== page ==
Missing treasure trove of old pictures locked inside a safe

The photograph Barry Cox scanned from the album that seems to have disappeared.

The photograph Barry Cox scanned from the album that seems to have disappeared.

A layer of thick white fungus and green slime were the culprits behind the broken floor

THIS WEEK IN 1971: Southsea man escaped falling bathroom floor

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Among readers’ possessions must be hundreds if not thousands of photographs of Portsmouth and the surrounding area, put away in lofts or some long-forgotten chests of drawers. Please search them out and send them to me or my colleague Chris Owen.

No doubt you will have seen photographs in the weekday
Remember When pages, many borrowed from Barry Cox’s marvellous collection.

Barry is a Portsmouth postcard and photograph collector par excellence and he is on the trail of a lost album of photographs which he last saw some 30 years ago.

In about 1986/87 Barry saw some photos of Portsmouth trams in the window of a photographer in Lawrence Road, Southsea. This could have been the shop of the late JA Hewes, but he cannot be sure.

On inquiring whether there were any photos of Portsmouth trams for sale he was told no, but there was an album which he could view, but only by appointment.

It was at a photocopying and reprographic shop on the corner on Winter Road and Highland Road, Southsea.

So he made an appointment and was somewhat surprised to find that the album was kept in a safe at the rear of the shop.

When he examined the album he was astonished to find there were somewhere between 60 and 100 previously unseen and unpublished photographs showing Portsmouth trams in roads across the city.

Barry asked if he could buy the album, but was told firmly it was not for sale.

He was, however, told that he could select one, and only one, photo for photocopying.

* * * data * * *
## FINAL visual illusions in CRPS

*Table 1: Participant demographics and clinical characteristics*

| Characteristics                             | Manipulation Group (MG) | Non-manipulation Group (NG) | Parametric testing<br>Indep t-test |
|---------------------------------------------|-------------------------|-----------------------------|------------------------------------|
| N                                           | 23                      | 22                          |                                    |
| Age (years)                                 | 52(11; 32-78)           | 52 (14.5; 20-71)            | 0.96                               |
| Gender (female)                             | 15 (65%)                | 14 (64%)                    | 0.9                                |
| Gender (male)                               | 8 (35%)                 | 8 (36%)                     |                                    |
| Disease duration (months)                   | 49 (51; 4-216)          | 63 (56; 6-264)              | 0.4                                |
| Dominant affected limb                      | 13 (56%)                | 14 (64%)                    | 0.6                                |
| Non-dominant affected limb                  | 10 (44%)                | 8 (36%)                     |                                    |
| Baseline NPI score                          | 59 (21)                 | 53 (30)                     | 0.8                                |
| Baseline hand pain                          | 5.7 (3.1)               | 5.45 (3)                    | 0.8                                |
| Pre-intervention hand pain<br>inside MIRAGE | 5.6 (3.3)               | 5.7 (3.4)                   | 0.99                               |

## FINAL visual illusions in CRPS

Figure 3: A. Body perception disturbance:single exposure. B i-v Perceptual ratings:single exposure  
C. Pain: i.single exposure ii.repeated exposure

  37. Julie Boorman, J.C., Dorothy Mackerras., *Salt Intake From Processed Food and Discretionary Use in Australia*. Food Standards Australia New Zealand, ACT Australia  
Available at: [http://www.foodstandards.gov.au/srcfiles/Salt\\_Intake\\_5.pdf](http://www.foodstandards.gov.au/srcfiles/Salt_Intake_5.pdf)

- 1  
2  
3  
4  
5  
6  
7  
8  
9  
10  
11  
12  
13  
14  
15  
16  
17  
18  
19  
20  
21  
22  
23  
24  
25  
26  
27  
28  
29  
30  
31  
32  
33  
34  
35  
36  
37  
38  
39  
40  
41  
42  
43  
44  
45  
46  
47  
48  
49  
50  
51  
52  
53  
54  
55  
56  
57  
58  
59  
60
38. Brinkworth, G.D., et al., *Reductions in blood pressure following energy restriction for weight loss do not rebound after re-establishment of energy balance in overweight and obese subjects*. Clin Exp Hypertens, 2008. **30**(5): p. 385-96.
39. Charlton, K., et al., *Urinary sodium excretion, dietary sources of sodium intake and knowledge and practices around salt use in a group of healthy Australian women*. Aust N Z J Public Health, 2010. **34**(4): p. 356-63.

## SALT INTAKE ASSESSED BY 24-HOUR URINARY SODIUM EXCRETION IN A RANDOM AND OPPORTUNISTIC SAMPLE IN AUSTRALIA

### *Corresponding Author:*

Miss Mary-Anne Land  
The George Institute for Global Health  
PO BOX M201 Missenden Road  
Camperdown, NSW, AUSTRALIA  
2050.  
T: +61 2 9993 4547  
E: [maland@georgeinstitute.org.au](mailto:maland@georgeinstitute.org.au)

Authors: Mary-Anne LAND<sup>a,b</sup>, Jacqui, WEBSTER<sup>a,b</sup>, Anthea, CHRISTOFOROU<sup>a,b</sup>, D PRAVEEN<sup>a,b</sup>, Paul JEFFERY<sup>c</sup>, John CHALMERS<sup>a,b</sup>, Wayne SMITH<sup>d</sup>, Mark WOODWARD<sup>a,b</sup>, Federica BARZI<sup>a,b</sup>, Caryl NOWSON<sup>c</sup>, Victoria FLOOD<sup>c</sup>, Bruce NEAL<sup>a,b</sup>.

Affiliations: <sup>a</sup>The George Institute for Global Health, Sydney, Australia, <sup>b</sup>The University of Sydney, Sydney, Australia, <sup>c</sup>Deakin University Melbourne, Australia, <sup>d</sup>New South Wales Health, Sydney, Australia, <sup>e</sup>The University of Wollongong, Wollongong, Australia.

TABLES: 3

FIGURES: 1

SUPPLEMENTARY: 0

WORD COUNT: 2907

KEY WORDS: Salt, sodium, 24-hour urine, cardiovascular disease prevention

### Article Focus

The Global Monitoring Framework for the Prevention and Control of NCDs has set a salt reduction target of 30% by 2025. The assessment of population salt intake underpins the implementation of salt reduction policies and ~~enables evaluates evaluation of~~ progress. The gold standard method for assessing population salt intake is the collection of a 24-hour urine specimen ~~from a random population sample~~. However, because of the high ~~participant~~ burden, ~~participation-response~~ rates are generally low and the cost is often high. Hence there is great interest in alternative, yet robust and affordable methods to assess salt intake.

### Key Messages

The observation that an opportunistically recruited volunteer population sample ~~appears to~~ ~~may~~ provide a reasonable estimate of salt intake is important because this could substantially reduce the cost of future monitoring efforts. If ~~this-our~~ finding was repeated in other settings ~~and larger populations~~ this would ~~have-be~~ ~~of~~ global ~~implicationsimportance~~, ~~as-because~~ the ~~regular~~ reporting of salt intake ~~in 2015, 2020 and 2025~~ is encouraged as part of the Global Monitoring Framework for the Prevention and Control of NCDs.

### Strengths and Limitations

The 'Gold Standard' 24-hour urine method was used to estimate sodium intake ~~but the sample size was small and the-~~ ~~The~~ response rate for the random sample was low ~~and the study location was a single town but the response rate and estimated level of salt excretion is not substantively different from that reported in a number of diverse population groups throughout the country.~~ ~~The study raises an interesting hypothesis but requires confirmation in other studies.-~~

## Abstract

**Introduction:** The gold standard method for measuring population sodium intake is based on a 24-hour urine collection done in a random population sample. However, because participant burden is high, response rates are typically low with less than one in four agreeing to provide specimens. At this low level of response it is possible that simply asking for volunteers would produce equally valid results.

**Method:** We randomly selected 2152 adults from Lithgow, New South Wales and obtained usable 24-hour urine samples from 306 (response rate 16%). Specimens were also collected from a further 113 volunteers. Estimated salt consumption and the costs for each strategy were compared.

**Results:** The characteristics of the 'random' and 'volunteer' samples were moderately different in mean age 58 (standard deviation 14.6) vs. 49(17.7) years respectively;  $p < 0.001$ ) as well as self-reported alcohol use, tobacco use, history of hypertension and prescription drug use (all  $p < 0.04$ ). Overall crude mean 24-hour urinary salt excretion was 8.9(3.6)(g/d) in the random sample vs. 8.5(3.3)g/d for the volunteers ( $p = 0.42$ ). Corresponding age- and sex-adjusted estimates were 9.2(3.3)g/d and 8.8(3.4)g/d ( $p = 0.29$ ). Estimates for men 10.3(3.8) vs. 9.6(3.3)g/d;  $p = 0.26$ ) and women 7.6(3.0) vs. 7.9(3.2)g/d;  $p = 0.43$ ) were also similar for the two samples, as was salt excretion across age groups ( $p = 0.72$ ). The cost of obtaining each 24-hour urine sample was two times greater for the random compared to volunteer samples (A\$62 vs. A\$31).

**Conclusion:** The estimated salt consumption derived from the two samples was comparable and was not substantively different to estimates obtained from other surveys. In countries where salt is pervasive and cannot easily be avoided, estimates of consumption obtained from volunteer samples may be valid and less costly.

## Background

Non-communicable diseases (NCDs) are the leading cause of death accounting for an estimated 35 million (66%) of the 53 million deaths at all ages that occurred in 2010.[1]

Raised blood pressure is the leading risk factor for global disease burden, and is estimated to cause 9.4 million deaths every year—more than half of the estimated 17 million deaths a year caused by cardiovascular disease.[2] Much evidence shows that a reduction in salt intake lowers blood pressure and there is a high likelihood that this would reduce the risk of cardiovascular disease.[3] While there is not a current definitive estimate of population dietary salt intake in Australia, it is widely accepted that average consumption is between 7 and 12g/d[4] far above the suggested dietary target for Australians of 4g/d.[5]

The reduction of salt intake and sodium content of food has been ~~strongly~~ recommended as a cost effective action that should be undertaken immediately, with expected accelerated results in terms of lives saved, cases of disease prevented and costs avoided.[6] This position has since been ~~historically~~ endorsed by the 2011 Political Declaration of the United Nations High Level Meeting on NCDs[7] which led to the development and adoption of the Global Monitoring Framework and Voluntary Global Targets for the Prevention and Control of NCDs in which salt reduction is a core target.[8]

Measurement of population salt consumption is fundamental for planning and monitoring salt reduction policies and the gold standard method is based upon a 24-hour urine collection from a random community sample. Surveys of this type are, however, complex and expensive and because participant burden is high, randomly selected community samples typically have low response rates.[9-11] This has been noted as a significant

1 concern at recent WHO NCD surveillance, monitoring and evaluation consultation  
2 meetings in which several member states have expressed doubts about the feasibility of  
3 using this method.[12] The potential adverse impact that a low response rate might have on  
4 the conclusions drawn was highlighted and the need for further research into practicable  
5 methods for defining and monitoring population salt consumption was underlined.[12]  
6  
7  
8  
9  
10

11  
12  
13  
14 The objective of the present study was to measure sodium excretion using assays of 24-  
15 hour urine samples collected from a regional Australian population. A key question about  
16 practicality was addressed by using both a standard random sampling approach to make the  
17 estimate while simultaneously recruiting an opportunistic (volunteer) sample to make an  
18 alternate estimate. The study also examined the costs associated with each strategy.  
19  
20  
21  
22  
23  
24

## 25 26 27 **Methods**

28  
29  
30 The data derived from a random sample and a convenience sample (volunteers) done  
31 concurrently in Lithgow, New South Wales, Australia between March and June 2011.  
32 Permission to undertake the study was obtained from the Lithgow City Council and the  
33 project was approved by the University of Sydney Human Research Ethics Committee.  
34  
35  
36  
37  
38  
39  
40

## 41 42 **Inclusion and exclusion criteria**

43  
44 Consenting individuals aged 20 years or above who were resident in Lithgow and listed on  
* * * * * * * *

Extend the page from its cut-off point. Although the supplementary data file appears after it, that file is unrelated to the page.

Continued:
He selected a photo of a corporation tram at the Clarence Pier terminus which he still has and you see here .

He has not seen any of the photos in this album since and neither has he heard anything about what happened to the album.

It must still be about in someone’s collection.

If any reader can help with this inquiry, please contact me at the e-mail address at the top of the page.

n A few weeks ago I published a photo of St James’s Church in Milton, Portsmouth.

It was not until the present vicar dropped me a line that I realised it was a picture of a church built in 1841 and demolished in 1912, not the present one.

After doing some more research, I found the building in the photo was known as The Runaways’ Church, as lovers from other parishes on Portsea Island were allowed to be married there.

It appears that at one time couples could only be married in the parish in which the bride or groom lived, so going to Milton was a little bit like being married across the anvil at Gretna Green in Scotland.

It must have struck horror into newly-married couples’ Victorian parents when they returned home to tell them the good news.

Can you imagine running away from Portsea to be married in Milton? Whatever next?

The original building was built by public subscription, the land having been given by Admiral Sir Philip Henderson.

It’s only a little church and perhaps even lovelier for its lowliness.

I wonder if anyone has any information about former relatives being married at the now-demolished church?

n One hundred-and-eighty years ago on May 24, 1837 the foundation stone for the new town hall was laid in High Street, Old Portsmouth.

The building was opened the following year on June 28 to mark Queen Victoria’s coronation.

To mark the event a fine portrait of the Queen, painted by George Swandale, was bought by public conscription.

It remained on show until it was destroyed by the blitz of the Second World War.

The town hall was later replaced by the present Guildhall.

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